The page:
There is another, speculative connection between Altarnun and Launceston. Henry Trecarrell, whose manor and chapel were outside the village of Lezant, is traditionally associated with St. Mary’s church Launceston as donor of much of the stone. His arms, and the date 1511 are found over the porch. Richard Dawe, described as a carver of Lezant, was engaged by John Waryn (rector from 1506 to after 1534) to restore the chancel at Altarnun. The contract made in Launceston in 1534, was to be completed by Michelemas 1536.
Lezant was not an obvious home for a builder and carver who could have had regular employment in Launceston. Perhaps Dawe was at Lezant to work on Trecarrell’s manor and chapel. When released from that task he may have then worked on Trecarrell’s next project of St Mary’s Launceston. He could then have worked in the chancel at Altarnun. Robert Daye, who made the Altarnun carvings may have had a broadly similar employment pattern. Direct evidence is elusive, but it is possible that both were employed at Altarnun and Launceston.
Such an employment pattern could make it possible for stereotypical images to appear in both Altarnun and Launceston. However, it would also make the carver very familiar with the local musicians and enable him to achieve the detail found at Altarnun where, perhaps, the immediacy of the image required an accurate depiction. The caveats associated with understanding instrumental iconography are unchanged. But this example highlights the need to take each case on its merits and to study context with care. In cases such as the Altarnun carvings there may be arguments for suggesting that the iconography is both accurate and relevant.
A Cornish Context
Setting aside the appearance of the word Tibicen in the Vocabuarium Cornicum of about 1150,[ix] the first certain retention of a piper (type unspecified) in Cornish records is that of Reginald Tibicen noted as holding land in Cuby before 1260/61.[x] The Accounts of the Earldom, 1296-7, mention Henri the pipere of Trigg: his wife Joan was paying a fine of 2s 6d.[xi] The assize record of the 1302 Cornwall Eyre mentions Osbmus Le Pibith and Richare/us Le Pybyth, both of Mousehole.[xii] A 1344 account tells of a disturbance at a Cornwall stannary in Redruth involving a man with the surname Pipere.[xiii]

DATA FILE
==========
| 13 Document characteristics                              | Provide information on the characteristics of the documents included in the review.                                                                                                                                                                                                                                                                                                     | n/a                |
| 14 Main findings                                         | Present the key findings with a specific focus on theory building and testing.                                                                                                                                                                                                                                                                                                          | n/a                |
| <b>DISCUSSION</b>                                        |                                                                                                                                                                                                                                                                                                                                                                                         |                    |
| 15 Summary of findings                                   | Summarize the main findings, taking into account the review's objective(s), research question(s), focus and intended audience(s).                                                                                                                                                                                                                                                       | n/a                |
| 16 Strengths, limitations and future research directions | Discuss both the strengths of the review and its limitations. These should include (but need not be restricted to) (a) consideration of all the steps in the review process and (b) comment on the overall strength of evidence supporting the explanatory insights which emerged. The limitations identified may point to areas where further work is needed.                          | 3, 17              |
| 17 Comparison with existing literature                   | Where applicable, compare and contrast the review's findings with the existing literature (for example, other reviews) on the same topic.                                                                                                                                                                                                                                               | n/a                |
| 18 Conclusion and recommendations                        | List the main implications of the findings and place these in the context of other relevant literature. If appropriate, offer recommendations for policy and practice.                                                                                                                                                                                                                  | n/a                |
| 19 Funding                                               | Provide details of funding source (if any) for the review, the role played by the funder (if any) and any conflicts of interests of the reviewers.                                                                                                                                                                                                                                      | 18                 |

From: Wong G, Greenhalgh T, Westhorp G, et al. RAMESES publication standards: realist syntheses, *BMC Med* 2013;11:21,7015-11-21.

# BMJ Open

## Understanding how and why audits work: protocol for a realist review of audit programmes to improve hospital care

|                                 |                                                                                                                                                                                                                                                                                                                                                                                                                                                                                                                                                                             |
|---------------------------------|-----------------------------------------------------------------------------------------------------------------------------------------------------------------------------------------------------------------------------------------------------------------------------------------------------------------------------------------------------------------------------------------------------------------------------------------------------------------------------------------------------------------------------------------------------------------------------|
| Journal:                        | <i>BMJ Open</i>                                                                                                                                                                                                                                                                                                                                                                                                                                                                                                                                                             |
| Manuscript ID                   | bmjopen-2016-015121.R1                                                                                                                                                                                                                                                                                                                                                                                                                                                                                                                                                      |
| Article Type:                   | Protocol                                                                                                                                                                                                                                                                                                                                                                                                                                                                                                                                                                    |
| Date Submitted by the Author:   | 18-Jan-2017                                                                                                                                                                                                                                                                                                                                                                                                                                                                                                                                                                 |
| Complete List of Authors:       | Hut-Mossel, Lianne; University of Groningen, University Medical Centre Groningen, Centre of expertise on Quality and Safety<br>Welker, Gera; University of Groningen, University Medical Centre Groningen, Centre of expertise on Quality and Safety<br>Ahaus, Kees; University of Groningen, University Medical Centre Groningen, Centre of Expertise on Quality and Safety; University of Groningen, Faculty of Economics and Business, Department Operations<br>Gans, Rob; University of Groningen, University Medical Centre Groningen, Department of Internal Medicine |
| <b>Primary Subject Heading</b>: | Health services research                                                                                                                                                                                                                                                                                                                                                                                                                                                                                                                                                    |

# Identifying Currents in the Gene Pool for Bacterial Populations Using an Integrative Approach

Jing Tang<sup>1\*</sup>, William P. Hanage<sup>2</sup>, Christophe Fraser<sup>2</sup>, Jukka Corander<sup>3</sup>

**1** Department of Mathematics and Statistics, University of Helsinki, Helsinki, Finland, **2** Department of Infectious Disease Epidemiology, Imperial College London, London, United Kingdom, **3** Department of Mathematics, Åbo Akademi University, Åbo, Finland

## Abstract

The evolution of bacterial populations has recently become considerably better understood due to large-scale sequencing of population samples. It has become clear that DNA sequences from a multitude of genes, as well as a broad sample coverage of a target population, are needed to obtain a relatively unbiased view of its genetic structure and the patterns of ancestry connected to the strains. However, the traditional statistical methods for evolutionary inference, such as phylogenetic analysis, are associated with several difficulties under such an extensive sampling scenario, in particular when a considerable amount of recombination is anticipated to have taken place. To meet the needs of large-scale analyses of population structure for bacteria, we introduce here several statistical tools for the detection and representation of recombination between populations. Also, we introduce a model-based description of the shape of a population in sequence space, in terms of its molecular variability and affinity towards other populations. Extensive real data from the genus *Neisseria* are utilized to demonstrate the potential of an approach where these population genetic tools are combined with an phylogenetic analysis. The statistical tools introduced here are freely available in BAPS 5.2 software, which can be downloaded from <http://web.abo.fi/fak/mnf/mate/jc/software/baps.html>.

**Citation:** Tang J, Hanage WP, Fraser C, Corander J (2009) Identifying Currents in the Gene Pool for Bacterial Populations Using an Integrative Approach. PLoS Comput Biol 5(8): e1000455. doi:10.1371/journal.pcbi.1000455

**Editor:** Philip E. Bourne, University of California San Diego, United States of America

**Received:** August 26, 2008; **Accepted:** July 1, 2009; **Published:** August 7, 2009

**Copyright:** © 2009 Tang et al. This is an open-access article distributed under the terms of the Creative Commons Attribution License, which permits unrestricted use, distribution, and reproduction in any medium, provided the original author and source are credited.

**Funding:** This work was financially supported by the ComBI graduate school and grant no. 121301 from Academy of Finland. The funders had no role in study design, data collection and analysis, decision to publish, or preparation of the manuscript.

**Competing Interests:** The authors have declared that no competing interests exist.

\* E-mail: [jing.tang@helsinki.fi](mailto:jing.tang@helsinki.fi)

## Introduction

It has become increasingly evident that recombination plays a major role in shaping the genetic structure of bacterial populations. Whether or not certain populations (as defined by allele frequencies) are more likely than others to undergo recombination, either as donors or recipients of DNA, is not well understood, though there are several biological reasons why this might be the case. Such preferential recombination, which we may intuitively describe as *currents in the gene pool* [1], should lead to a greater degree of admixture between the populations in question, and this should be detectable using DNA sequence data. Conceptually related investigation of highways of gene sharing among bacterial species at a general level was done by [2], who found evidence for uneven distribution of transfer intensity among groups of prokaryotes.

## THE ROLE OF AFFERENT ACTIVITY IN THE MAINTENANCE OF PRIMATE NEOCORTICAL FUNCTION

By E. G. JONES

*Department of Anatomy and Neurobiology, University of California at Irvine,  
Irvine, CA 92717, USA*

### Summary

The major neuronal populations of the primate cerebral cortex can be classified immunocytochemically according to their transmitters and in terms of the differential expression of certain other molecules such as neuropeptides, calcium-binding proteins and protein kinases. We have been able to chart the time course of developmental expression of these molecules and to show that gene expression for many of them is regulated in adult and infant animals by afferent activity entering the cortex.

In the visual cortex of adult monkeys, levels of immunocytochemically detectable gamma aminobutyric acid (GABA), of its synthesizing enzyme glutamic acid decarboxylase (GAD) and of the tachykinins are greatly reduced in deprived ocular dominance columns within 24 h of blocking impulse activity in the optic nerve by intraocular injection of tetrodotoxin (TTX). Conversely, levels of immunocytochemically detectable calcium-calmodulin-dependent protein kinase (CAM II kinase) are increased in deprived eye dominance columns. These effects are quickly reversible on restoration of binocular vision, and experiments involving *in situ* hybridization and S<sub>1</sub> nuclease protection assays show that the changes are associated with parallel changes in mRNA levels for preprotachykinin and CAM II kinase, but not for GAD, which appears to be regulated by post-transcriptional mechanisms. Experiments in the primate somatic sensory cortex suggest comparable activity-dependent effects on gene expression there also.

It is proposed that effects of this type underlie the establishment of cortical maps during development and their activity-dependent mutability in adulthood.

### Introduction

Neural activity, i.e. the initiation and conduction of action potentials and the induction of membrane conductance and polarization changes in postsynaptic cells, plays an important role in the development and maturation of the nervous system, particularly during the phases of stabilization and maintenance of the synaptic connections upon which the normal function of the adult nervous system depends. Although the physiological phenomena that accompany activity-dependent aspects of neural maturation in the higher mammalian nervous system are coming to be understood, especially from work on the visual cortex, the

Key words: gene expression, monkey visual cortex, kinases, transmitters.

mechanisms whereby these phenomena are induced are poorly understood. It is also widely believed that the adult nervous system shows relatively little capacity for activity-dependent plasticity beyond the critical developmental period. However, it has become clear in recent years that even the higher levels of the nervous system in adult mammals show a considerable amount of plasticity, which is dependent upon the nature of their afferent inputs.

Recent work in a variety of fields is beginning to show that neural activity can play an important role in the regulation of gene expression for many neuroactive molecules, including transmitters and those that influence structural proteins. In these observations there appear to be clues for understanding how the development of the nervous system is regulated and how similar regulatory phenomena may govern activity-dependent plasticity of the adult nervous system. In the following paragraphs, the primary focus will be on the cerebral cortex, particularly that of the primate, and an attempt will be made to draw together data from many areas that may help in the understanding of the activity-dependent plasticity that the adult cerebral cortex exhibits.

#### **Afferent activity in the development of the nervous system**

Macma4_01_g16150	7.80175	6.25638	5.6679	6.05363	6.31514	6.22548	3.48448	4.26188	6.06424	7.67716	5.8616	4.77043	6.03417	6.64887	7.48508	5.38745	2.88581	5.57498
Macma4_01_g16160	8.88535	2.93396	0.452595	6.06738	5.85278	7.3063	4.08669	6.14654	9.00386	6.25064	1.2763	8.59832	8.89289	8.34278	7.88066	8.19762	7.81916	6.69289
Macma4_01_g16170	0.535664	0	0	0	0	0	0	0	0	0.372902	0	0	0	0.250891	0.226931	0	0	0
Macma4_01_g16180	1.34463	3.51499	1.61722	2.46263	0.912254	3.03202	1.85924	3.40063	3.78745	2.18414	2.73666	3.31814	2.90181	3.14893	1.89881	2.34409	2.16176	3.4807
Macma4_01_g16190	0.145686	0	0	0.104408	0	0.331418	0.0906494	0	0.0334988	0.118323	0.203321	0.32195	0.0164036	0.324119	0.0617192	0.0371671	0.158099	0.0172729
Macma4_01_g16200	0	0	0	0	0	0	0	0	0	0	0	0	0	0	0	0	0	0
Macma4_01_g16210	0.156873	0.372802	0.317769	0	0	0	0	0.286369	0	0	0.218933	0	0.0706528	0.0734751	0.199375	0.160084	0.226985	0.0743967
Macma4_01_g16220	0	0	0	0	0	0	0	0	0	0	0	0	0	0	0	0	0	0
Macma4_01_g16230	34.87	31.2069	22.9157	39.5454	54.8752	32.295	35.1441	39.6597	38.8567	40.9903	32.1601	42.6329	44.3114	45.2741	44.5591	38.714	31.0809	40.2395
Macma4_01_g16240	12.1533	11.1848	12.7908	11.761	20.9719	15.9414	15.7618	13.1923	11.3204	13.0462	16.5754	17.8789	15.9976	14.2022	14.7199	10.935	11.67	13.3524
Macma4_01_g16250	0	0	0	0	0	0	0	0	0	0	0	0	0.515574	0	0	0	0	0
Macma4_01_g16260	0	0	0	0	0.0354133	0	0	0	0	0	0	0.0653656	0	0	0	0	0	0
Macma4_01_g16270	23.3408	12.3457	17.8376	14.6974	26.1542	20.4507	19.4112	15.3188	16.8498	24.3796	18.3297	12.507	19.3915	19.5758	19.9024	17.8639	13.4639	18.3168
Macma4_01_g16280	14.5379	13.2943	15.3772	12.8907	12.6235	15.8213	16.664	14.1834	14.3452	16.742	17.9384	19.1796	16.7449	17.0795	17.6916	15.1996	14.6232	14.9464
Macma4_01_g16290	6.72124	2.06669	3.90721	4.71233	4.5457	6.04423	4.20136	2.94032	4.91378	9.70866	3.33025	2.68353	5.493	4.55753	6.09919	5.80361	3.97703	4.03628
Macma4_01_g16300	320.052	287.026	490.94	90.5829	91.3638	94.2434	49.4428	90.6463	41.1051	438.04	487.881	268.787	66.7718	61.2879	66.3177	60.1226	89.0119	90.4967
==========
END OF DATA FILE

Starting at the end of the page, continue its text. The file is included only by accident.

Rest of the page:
Pipers receive many mentions in Cornish-language plays from the 14th to early 17th centuries. These are:
1-3 The Ordinalia, a trilogy of Biblical plays known individually as Origo Mundi (OM), Passio Christi (PC), and Resurrexio Domini (RD), written c. 1400, and known from a mid-fifteenth-century manuscript, Oxford MS. Bodl. 791.[xiv]
4.Beunans Meriasek (BM), ‘The Life of St. Meriasek’, found in National Library of Wales MS. Peniarth 105b, a manuscript written in 1504, but whose first ten pages were rewritten in the mid-sixteenth century.
5.Bewnans Ke (BK), ‘The Life of St. Ke’, probably written c. 1500-20, and known only from a fragmentary and imperfect copy of the later sixteenth century, National Library of Wales MS. 23,849D.
6.Gwreans an Bys (GB), also known by its English title Creacion of the World, found in Oxford MS. Bodl. 219, a manuscript written in 1611.
For example Origo Mundi, Resurrexio Domini, Gwreans an Bys, and both halves of Beunans Meriasek (the latter play intended to be performed in two parts on two successive days) conclude with a speech in which a character urges the minstrels (menstrels) or pipers (pyboryon) to ‘pipe’ (peba) ‘so that we may go dancing’ (may hyllyn mos the thonssye, RD 2646; compare BM 2512, BM 4565, GB 2547).[xv]
The Records of Early English Drama conveniently summarise numbers of performances by Lord Botreaux’s Pipers (sometimes also described as minstrels or servants) between 1416/7 and 1433.[xvi] There are also references which post-date the Altarnun and Launceston carvings. A piper was paid at Lostwithiel Riding in 1536/7.[xvii] The 1549/50 Camborne churchwardens’ accounts mention a ‘pyper yn the playe’.[xviii] (Perhaps Bewnans Meriasek, as Meriasek was their patron saint.) St. Ives Accounts for 1571/2 mention paying ‘pypers for there wages’ in association with the performance of another play.[xix] These accounts do not tell us about the instruments used, except that they were conventionally referred to as pipes.
Demonstrably the iconography of bagpipers in Cornwall does not exist in isolation, but in the context of a musical culture of which piping was a significant element.
Figure 6. Hafod 24. Degrees and Instruments of Bardic Apprenticeship. Photograph from S. E. Harper, 2007.
The Cardiff Public Library has a manuscript book known as Hafod 24, the product of the scribe John Jones of Gellilyfdy, near Ysgeifog in Flintshire.[xx] It was compiled from various sources in 1605-10. It is titled Cadwedigaeth Cerdd Dannau, that is the ‘Preservation of Cerdd Dant’, implying that it is a record of the practice of past times concerning the ‘Craft of Strings’. The contents were reproduced more than once in the 16th century, and may have been associated with the Caerwys eisteddfodau of 1523 and 1567. Their origins are in earlier oral tradition. On page 358 is a diagram depicting different levels of bardic apprenticeship. It is illustrated with depictions of a three-stringed crwth as used by students, (masters used the six-stringed version), a nine stringed student harp, and two sets of bagpipes. The illustrations are no more than sketches. However it is clear that one set of bagpipes has a single chanter, the other has two. The twin chanters are parallel; the single chanter is conical. Both instruments have one conical-bore drone. The illustration suggests the use of both types of pipes in 16th century Wales. It has obvious and supportive parallels with the iconography at Altarnun and Launceston. (fig. 6)